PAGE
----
[MUSIC – Ramsey Lewis ”Hold It Right There (Wade in the Water)”]
[TAPE – Philip McClinton (PM)]
PM: After you’ve been to theaters, you’ve been to movies, you’ve been out to eat, you’ve done all that young people can do. That gets pretty stale. I wasn’t wealthy, I wasn’t gorgeous, and I didn’t have a lot of money, so I had to come up with some other way to get dates and keep them interested.
MG: Philip was never one to hit the books. In fact, he didn’t finish high school and as he got into his 30s, he was a little bit lost.
PM: I had become quite a bit of a loner by then. I did nearly everything, and I still do, alone. And to be quite truthful, I trust snakes much more than I trust human beings. When you look at a rattlesnake, you know that if you reach down to the rattlesnake, it will bite you. With human beings, you don’t know what they are going to do. You may not have to try reach to them and they might try to bite you.
MG: Things started to change for Philip, when, one night, while he was working at a bar, Susan walked into his life.
Susan McClinton (SM): I came into the topless bar that you were bouncing to compete in amateur night—because there was a prize at the end. And at the time I had two children to support, so I needed the money. I remember at one point you said, ”I’ll keep an eye on you.”
PM: I thought, She doesn’t belong in here she didn’t need to be in this place.
SM: And I think that was the beginning of our relationship. You said, ”I am going to take you rattlesnake hunting.” I thought you were absolutely out of your mind, but I had so much fun, I thought, Hey this is something I might want to do on a regular basis. And I remember at one point telling you that I had always enjoyed science and school. And you said, ”Well, why don’t we go back to school.” And I said, ”You’re crazy.”
PM: Neither one of us had anything but a 9th grade education. I’d tried 10th grade three times, and I couldn’t cut it. And we didn’t think anyone would take us. And I said, ”Call them and ask.” And they accepted us on probation. We took all of our courses together.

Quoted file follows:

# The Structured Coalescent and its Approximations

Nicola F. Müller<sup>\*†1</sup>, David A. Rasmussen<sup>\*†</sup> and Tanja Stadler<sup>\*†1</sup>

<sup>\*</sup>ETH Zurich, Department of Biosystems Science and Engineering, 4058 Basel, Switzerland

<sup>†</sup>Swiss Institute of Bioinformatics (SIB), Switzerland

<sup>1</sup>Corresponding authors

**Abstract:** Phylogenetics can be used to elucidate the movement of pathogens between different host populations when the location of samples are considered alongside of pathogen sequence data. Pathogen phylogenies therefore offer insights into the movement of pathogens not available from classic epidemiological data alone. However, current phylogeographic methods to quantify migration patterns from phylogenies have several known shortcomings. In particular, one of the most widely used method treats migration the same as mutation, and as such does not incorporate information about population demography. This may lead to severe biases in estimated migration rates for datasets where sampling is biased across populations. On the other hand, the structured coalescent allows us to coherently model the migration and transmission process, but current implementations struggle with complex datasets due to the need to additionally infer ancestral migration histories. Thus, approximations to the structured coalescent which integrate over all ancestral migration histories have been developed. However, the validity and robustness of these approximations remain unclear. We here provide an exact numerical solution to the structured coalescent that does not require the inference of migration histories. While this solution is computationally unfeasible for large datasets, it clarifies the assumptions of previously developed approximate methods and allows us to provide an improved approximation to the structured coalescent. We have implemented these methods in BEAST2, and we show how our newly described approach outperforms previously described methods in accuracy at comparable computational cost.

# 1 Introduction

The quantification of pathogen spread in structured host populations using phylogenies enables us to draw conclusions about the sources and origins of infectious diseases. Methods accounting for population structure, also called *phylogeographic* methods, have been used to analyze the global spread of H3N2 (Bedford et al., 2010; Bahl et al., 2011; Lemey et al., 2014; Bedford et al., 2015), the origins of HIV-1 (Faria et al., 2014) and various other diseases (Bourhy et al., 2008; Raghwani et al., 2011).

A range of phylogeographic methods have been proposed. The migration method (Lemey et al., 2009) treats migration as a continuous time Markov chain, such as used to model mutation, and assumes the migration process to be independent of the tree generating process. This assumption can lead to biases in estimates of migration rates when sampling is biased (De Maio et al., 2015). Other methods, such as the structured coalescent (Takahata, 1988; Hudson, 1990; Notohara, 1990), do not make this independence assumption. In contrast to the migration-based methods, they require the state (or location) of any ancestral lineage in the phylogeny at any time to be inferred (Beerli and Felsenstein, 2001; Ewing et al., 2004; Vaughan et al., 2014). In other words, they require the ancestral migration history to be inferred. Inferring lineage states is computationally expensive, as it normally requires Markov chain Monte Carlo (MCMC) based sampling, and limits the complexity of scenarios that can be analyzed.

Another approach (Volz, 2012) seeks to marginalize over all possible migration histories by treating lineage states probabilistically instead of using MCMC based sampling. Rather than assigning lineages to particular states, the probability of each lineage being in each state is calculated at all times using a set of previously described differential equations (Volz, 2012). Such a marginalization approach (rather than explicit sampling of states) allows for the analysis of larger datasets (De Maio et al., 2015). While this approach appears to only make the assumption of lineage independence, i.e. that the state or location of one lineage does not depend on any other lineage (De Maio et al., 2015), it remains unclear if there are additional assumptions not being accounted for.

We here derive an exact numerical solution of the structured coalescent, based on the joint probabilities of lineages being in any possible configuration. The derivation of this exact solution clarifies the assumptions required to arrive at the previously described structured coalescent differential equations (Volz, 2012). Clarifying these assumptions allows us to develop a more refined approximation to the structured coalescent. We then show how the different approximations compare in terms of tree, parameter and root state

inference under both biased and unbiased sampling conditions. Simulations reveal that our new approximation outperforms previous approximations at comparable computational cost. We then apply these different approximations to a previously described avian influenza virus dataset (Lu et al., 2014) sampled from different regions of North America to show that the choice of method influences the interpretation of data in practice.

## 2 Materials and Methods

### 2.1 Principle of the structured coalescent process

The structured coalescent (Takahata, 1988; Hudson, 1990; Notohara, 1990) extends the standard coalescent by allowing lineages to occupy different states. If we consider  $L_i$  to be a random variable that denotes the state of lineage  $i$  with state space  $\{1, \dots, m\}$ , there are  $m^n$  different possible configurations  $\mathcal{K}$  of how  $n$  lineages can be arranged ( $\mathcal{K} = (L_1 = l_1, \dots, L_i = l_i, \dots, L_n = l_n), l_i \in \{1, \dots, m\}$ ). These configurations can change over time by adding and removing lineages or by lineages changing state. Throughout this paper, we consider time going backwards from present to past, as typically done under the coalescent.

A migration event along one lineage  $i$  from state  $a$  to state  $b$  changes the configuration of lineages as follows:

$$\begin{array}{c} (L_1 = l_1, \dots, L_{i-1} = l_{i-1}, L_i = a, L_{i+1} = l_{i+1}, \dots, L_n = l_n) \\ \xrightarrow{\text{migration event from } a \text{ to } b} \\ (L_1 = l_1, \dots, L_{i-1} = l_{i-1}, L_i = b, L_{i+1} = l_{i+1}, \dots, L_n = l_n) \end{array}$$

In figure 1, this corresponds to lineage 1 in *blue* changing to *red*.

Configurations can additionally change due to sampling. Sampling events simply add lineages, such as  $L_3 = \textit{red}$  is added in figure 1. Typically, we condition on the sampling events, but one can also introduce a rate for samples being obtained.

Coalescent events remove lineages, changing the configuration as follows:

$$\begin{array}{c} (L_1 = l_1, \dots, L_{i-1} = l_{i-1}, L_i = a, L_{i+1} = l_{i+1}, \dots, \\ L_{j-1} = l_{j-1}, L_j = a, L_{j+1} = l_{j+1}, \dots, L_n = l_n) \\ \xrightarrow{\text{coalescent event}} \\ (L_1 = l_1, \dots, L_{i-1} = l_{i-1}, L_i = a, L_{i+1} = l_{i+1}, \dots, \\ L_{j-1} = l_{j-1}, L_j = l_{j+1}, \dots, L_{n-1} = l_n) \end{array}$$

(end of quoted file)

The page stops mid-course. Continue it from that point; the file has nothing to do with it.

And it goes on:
SM: You didn’t know anything about school. And I recall several times when you told me that you just didn’t think you could make it anymore. And I would always tell you, ”I’ll get you through it.”
PM: And we were both working on biology degrees.
SM: Remember cell biology, I drew a diagram and taped it up in the bathroom on the mirror, so in the mornings you’d have to look and learn it from there.
PM: Without your help, I’d have never gotten through this, because a lot of it I just plain didn’t understand. But I think the thing I am proudest of is that you finally did things that you never dreamed you could do. And you did them so well. You turned into a fine field biologist.
SM: I guess I learned for the first time that I really was a person of worth. You know, after my life started out so bumpy, I never thought we’d get a college degree. And if you hadn’t come into my life, I think I would have ended up in a very bad place.
SM: It was a rescue romance, is what we called it, because we saved each other.
MG: That’s Susan and Philip McClinton in Cody, Wyoming.
And that’s it for this episode.
These stories were produced by Nadia Reiman, Katie Simon, and me.
The podcast is produced by me and Elisheba Eitoop.
Find out what music we used on our website, StoryCorps dot org where you can also make a reservation for your own interview.
Thanks to all of you who have been leaving us review on iTunes — they’ve been a kick to read keep them coming!
And don’t forget you can leave a message for someone you hear on this show by calling our voicemail line.. It’s 301-744-TALK that’s 301 744 T A L K.
This has been the StoryCorps podcast I’m Michael Garofalo. Thanks for listening.
[FUNDER – Cancer Treatment Centers of America]
[PROMO – NPR/Up First]